My high school science project was on the effects the pot had as a mordant in natural dying (copper pots made the prettiest dyes). While other girls were dressed in 80s neon, I was graduating from shift and mob cap to English bodice and lace cap. And one of the most enjoyable parties I threw in law school involved showing a group of friends how to hold and throw a tomahawk - in the Nation's capitol, just off one of the main thoroughfares.

Somehow, somewhere along the way, my family had taught me an important lesson: embrace who you are. As I grew older, it became easier to be okay with the fact that we were just different, and that there were many other people out there who were also different - in a different way, but still different. Eventually, I found those different people, embraced those different people, and called them friend.

Today, I live in Alexandria, near Mount Vernon, where it is assumed if I'm in 18th Century costume, I'm probably giving a tour nearby. I have a son who's already outgrown his first 18th Century costume - the one he wore with his (proud) Grandfather to a rendezvous at 18 months.

One of the larger challenges I have facing me as a parent is to encourage my child's different self in a way that will encourage him to embrace who he is with confidence. I don't think it will be easy because I know conformity is a much easier path. But what I CAN do, is point to those people I've called friends - some of whom I can claim almost a lifetime of friendship - and say, "See? THIS is what makes you rich. THIS is what makes life good. THESE are the people who will celebrate life with you." And I will thank my "different" friends for embracing the different in me, while I celebrate their different with them. All the while I will know: my life will always be richer for embracing the different.

Tuesday, June 17, 2014

Stairwell Update: The big reveal

As promised, after two days of painting and wallpapering, here's the big reveal for my Stairwell Update.

The walls and ceiling are now the same color. The shelves are uniform and I added storage I had around the house to keep together like items - dog stuff with dog stuff, diaper stuff with diaper stuff, cleaning stuff with cleaning stuff. Things finally have a place!
From the basement, things look clean. I'm thinking about adding some hooks under the bottom shelf t,m,; o hold things like the diaper bag, the backpacks and other things that can hang here rather than clutter up the living room. 
 Despite having to freehand the black paint here on the stairs, they look better than the dirty grey - and little feet apparently approve. All said and done, this project cost about $100, including painting supplies. Had I been able to get only a quart of porch paint, I'd have been able to drive that cost down. The most difficult part was waiting the three days to walk on the stairs!

Monday, June 16, 2014

Stairwell Update: Wallpapering

After painting, I still had that terrible strip of paneling that showed through the paint. In past renovation projects, when you don't want to drywall and you really can't patch a wall, we've put up wallpaper. I'd decided not to use my paintable wallpaper on the front of the stairs, and this became a perfect solution for covering up that nasty paneling place.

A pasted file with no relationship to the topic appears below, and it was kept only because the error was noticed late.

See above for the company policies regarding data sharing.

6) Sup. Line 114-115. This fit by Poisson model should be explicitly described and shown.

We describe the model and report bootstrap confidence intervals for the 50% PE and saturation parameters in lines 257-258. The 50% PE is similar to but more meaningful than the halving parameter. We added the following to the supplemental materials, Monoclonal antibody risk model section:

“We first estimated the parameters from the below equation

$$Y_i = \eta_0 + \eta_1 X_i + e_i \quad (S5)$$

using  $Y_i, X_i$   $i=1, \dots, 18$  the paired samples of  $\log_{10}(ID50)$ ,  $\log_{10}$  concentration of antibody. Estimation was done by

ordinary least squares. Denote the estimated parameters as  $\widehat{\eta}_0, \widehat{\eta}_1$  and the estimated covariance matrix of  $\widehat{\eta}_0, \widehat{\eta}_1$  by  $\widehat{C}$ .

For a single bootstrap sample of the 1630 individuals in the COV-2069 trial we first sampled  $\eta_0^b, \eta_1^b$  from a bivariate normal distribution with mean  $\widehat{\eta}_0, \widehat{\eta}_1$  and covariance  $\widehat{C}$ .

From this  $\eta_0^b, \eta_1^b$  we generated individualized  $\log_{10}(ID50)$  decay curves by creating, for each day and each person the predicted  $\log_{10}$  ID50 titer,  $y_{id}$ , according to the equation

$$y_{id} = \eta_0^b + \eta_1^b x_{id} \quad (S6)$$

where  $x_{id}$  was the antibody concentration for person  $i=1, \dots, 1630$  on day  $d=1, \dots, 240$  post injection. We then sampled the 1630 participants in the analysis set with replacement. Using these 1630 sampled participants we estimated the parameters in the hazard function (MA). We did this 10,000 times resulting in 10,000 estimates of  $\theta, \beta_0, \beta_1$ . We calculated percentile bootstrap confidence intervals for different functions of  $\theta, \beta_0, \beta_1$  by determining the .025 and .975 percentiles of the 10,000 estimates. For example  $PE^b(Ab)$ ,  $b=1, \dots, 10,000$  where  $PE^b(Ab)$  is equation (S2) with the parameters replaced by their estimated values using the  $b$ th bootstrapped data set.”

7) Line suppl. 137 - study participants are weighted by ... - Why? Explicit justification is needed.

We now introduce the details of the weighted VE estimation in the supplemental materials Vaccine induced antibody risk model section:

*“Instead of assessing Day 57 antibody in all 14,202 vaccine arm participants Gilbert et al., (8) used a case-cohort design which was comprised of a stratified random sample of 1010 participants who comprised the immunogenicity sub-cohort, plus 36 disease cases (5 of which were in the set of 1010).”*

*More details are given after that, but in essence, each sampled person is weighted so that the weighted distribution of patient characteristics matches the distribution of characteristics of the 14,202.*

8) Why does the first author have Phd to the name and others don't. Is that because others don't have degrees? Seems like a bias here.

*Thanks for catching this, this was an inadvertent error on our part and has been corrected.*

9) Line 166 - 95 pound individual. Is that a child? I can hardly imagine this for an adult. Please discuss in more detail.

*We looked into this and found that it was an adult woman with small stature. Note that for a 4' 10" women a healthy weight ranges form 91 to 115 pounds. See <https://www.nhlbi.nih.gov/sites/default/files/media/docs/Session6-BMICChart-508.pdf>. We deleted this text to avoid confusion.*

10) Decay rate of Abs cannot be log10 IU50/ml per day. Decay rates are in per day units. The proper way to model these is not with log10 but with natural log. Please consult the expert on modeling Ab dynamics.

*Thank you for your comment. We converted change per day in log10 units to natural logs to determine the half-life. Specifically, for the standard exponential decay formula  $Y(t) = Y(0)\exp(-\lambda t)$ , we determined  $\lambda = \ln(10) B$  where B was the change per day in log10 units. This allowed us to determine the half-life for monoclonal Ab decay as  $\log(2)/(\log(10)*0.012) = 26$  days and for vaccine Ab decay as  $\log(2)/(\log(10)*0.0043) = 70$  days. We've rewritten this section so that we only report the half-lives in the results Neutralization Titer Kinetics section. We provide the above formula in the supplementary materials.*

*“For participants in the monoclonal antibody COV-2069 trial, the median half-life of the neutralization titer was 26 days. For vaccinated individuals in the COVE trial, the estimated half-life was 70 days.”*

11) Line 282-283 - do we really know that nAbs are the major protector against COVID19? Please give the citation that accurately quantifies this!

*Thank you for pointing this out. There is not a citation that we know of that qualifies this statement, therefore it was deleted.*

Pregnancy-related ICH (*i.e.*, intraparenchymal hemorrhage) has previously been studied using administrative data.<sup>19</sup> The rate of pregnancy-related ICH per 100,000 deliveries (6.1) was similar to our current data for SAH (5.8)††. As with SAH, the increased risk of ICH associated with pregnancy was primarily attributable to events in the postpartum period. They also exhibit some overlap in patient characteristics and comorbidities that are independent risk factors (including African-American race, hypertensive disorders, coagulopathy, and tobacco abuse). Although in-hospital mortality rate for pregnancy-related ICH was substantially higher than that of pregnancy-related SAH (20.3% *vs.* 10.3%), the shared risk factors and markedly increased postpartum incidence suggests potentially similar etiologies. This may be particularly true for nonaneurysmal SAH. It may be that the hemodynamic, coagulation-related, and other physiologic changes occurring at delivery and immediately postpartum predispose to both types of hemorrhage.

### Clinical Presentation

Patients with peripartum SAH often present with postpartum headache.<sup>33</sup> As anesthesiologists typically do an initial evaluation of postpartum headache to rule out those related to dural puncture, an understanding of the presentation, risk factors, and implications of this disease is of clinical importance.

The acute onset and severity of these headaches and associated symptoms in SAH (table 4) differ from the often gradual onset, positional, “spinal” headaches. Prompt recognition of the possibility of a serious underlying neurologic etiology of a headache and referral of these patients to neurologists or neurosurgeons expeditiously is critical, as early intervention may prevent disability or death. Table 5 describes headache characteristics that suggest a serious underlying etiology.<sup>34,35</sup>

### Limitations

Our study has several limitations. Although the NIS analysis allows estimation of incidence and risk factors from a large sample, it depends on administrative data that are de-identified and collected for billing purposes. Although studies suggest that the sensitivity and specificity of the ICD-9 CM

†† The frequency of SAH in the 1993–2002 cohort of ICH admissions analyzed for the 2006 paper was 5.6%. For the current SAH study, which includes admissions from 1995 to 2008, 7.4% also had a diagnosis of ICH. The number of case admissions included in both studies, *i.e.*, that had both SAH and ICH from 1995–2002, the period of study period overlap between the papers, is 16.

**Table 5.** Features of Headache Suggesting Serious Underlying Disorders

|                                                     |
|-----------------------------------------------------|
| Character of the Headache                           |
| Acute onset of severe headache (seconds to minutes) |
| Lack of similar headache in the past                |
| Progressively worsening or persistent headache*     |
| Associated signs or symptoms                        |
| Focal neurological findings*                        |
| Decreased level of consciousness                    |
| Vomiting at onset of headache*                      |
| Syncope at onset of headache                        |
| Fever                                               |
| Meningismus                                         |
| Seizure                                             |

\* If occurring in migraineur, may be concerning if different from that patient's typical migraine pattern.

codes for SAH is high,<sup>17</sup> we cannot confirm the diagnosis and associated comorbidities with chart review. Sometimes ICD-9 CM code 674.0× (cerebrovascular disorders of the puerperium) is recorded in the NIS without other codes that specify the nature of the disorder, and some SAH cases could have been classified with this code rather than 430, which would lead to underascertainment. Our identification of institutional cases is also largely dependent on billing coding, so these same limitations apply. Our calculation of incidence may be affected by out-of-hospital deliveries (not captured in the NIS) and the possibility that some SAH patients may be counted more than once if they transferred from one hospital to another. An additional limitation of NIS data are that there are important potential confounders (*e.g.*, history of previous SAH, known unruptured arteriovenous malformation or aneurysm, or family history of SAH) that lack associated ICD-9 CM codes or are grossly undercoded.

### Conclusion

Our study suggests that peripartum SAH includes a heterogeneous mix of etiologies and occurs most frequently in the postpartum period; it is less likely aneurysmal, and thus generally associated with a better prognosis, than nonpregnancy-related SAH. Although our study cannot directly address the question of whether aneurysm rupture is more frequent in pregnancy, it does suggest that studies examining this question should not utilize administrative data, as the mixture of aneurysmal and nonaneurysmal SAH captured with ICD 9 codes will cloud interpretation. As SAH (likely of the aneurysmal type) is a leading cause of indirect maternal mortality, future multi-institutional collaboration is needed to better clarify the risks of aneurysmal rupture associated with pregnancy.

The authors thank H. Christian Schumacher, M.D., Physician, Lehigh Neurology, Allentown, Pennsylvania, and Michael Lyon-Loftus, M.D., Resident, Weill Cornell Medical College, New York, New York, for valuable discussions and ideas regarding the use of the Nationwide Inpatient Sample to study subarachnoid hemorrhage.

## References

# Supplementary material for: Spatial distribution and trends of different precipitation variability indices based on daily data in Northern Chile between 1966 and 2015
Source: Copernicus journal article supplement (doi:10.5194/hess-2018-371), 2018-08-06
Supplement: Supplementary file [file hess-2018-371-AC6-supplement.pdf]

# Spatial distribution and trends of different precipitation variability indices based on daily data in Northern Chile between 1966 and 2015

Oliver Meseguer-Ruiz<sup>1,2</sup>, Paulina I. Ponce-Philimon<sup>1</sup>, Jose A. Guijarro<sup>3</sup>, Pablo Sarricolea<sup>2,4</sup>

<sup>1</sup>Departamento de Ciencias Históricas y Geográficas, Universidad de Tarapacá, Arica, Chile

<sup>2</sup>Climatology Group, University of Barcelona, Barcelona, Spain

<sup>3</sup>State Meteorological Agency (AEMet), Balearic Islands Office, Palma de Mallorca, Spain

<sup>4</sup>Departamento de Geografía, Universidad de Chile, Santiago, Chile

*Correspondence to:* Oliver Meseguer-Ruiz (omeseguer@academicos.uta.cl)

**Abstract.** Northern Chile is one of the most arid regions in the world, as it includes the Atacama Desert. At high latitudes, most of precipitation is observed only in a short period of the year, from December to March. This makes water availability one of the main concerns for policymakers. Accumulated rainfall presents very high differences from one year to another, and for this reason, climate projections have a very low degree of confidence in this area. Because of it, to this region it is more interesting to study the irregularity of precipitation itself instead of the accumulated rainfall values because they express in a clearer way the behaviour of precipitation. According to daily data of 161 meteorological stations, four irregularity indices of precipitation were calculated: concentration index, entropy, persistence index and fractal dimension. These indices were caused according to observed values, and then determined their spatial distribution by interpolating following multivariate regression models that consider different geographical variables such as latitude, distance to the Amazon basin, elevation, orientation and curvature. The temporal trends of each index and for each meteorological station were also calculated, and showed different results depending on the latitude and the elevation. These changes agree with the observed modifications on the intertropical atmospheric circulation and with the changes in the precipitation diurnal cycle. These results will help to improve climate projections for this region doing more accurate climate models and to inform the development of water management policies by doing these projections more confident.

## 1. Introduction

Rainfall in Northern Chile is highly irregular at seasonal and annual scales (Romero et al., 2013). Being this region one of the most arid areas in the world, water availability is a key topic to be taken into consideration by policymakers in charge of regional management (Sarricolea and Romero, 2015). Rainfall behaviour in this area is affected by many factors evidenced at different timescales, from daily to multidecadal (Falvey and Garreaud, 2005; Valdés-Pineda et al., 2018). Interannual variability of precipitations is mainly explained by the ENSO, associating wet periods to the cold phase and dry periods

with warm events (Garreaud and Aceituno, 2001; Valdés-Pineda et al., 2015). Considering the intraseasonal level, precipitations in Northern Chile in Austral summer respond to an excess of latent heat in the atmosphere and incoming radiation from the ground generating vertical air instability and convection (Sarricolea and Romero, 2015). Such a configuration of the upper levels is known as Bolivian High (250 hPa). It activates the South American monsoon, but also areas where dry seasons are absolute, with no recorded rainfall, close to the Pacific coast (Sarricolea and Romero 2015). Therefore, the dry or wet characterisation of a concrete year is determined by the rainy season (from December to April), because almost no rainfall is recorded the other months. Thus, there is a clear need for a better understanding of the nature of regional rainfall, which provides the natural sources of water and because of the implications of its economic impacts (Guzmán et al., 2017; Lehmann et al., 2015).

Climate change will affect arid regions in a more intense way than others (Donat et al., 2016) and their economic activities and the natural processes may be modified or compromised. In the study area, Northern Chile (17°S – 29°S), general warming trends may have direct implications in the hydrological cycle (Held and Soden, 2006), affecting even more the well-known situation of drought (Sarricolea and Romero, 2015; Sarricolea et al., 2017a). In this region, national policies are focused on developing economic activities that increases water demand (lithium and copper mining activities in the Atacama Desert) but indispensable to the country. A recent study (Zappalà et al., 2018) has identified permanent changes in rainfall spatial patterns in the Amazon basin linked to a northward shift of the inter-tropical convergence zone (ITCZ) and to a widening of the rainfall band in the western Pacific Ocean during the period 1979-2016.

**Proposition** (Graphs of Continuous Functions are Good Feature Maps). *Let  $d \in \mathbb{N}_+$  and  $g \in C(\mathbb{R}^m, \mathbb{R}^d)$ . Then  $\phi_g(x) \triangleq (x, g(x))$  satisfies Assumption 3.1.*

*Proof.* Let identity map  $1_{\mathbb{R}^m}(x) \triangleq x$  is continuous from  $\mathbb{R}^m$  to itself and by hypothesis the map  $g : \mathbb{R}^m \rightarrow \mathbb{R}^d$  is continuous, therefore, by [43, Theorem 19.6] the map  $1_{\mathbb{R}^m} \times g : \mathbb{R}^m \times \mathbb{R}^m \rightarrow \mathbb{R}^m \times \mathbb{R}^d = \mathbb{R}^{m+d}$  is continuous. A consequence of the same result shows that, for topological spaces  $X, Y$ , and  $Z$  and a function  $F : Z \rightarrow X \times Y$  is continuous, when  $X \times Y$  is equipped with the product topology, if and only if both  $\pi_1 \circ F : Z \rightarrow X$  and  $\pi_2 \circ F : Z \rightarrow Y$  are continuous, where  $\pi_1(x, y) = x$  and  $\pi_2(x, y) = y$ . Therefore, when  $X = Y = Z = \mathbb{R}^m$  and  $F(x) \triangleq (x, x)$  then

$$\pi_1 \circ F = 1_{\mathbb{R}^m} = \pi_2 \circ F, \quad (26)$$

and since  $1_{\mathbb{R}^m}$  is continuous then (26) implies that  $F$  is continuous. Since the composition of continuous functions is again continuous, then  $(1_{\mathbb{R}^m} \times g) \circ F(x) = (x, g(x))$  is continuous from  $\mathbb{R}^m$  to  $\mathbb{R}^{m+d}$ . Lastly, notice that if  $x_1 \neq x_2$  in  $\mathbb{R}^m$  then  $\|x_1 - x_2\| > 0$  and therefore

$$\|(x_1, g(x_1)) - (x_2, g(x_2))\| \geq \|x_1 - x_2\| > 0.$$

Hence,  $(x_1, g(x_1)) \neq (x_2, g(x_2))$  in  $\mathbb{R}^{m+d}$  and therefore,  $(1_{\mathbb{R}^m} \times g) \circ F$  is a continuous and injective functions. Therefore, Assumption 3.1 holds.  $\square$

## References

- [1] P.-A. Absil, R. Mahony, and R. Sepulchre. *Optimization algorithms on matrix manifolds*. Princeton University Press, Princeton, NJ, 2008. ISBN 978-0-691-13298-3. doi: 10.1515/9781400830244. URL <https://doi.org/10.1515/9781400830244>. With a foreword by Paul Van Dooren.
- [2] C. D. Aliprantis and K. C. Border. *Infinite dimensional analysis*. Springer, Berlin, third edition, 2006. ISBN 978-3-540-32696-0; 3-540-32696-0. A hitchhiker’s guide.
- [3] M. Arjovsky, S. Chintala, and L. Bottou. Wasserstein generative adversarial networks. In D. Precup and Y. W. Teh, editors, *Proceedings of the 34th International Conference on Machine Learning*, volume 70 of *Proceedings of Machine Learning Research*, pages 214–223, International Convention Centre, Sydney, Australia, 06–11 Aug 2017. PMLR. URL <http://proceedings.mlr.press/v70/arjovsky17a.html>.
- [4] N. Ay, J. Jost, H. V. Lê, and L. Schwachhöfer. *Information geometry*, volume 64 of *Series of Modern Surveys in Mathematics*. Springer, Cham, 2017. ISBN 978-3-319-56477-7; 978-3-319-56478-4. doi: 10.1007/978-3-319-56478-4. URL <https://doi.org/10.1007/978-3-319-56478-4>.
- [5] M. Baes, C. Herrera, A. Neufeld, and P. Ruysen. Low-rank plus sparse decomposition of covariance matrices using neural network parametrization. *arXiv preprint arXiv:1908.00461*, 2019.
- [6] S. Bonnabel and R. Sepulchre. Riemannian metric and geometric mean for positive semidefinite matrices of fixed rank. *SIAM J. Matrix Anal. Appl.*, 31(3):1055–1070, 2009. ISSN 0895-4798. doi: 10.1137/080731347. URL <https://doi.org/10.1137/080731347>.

I carefully measured my wall space, leaving a little extra for cutoff at the top and bottom. I then measured out my wallpaper, cut it in a straight line at the end, and rolled it up so the pre-pasted side was facing out rather than in (as it comes on the roll). I then filled my son's baby tub with water, dipped my roll in so that as I unrolled the pre-pasted side faced out and got a little wet. I folded my paper in half with the pre-pasted sides facing each other. This allows the paste to activate and allows for even wetness. I had to be very careful not to let the wallpaper tear as it was very fragile in the non-design parts.

After allowing that to set for a few minutes, I unfolded the wallpaper and positioned it on the wall. Start at the top and work your way down the wall. If you need to re-position the paper, just pull it up and start down the wall again. Work from the vertical center of the paper, feathering out your wallpaper brush or a wet rag to work out your bubbles and to smooth the edges down to make sure they stick. Then take a straight edge and boxcutter and trim off the top and bottom of your paper along the wall and floor or trim.

Please note: old houses are notorious for not being square - i.e., you can't count on a wall or ceiling being straight. Because I was only putting up one strip, I eyeballed the distance from the wall to position my pieces. Ideally, you should take a level and draw a vertical line (pencil or chalk) on the wall as a starting place to ensure you start with a straight line.

Because it looked weird to have one wall papered and the other wall plain, I papered the mirroring wall in the same manner. I decided to leave it unpainted because I like the contrast of stark white to the Antique White of the paint. The good thing is that I have the option to paint it in the future if I decide to do so!